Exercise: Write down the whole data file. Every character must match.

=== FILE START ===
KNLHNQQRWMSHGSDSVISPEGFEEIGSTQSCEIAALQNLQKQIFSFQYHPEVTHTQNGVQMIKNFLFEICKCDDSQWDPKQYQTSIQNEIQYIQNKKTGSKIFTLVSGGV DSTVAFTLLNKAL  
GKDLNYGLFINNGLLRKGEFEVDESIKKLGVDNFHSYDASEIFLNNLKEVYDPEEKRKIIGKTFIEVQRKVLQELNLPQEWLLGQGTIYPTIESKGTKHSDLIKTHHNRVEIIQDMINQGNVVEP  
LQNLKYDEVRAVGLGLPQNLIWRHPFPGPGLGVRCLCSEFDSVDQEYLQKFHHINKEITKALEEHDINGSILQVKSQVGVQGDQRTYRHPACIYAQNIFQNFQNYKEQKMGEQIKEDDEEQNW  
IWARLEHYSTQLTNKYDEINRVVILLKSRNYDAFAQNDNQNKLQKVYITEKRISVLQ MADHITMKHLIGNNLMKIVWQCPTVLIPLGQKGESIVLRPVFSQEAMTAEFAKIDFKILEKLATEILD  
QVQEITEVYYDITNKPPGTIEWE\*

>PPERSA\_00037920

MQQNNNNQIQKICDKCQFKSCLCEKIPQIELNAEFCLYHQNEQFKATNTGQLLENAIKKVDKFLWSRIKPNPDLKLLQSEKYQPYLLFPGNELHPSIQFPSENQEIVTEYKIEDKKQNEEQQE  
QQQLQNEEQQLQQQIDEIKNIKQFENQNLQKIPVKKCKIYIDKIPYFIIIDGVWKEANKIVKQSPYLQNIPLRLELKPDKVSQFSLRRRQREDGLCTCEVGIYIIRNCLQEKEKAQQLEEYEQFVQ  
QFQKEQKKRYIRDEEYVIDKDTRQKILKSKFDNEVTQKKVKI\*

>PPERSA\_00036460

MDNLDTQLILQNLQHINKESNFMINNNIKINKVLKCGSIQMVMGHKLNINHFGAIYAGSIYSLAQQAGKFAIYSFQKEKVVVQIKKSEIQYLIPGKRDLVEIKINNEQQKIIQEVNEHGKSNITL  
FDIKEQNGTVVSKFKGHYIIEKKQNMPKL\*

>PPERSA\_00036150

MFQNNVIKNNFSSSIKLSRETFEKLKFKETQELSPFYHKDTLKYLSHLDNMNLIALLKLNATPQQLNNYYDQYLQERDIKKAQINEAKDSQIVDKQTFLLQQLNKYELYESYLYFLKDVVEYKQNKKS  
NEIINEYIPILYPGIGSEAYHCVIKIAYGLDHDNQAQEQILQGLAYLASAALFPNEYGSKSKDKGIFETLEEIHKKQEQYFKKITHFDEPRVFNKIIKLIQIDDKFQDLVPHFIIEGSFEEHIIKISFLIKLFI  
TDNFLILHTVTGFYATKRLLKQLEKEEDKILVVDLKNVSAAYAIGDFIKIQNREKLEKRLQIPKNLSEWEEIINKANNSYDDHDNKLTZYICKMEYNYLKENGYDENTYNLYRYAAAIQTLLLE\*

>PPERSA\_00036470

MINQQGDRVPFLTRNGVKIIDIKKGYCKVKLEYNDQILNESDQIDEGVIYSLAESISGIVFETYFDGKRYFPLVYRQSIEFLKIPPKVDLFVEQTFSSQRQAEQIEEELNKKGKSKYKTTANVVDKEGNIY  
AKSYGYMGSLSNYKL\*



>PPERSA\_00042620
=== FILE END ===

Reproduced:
KNLHNQQRWMSHGSDSVISPEGFEEIGSTQSCEIAALQNLQKQIFSFQYHPEVTHTQNGVQMIKNFLFEICKCDDSQWDPKQYQTSIQNEIQYIQNKKTGSKIFTLVSGGV DSTVAFTLLNKAL  
GKDLNYGLFINNGLLRKGEFEVDESIKKLGVDNFHSYDASEIFLNNLKEVYDPEEKRKIIGKTFIEVQRKVLQELNLPQEWLLGQGTIYPTIESKGTKHSDLIKTHHNRVEIIQDMINQGNVVEP  
LQNLKYDEVRAVGLGLPQNLIWRHPFPGPGLGVRCLCSEFDSVDQEYLQKFHHINKEITKALEEHDINGSILQVKSQVGVQGDQRTYRHPACIYAQNIFQNFQNYKEQKMGEQIKEDDEEQNW  
IWARLEHYSTQLTNKYDEINRVVILLKSRNYDAFAQNDNQNKLQKVYITEKRISVLQ MADHITMKHLIGNNLMKIVWQCPTVLIPLGQKGESIVLRPVFSQEAMTAEFAKIDFKILEKLATEILD  
QVQEITEVYYDITNKPPGTIEWE\*

>PPERSA\_00037920

MQQNNNNQIQKICDKCQFKSCLCEKIPQIELNAEFCLYHQNEQFKATNTGQLLENAIKKVDKFLWSRIKPNPDLKLLQSEKYQPYLLFPGNELHPSIQFPSENQEIVTEYKIEDKKQNEEQQE  
QQQLQNEEQQLQQQIDEIKNIKQFENQNLQKIPVKKCKIYIDKIPYFIIIDGVWKEANKIVKQSPYLQNIPLRLELKPDKVSQFSLRRRQREDGLCTCEVGIYIIRNCLQEKEKAQQLEEYEQFVQ  
QFQKEQKKRYIRDEEYVIDKDTRQKILKSKFDNEVTQKKVKI\*

>PPERSA\_00036460

MDNLDTQLILQNLQHINKESNFMINNNIKINKVLKCGSIQMVMGHKLNINHFGAIYAGSIYSLAQQAGKFAIYSFQKEKVVVQIKKSEIQYLIPGKRDLVEIKINNEQQKIIQEVNEHGKSNITL  
FDIKEQNGTVVSKFKGHYIIEKKQNMPKL\*

>PPERSA\_00036150

MFQNNVIKNNFSSSIKLSRETFEKLKFKETQELSPFYHKDTLKYLSHLDNMNLIALLKLNATPQQLNNYYDQYLQERDIKKAQINEAKDSQIVDKQTFLLQQLNKYELYESYLYFLKDVVEYKQNKKS  
NEIINEYIPILYPGIGSEAYHCVIKIAYGLDHDNQAQEQILQGLAYLASAALFPNEYGSKSKDKGIFETLEEIHKKQEQYFKKITHFDEPRVFNKIIKLIQIDDKFQDLVPHFIIEGSFEEHIIKISFLIKLFI  
TDNFLILHTVTGFYATKRLLKQLEKEEDKILVVDLKNVSAAYAIGDFIKIQNREKLEKRLQIPKNLSEWEEIINKANNSYDDHDNKLTZYICKMEYNYLKENGYDENTYNLYRYAAAIQTLLLE\*

>PPERSA\_00036470

MINQQGDRVPFLTRNGVKIIDIKKGYCKVKLEYNDQILNESDQIDEGVIYSLAESISGIVFETYFDGKRYFPLVYRQSIEFLKIPPKVDLFVEQTFSSQRQAEQIEEELNKKGKSKYKTTANVVDKEGNIY  
AKSYGYMGSLSNYKL\*



>PPERSA\_00042620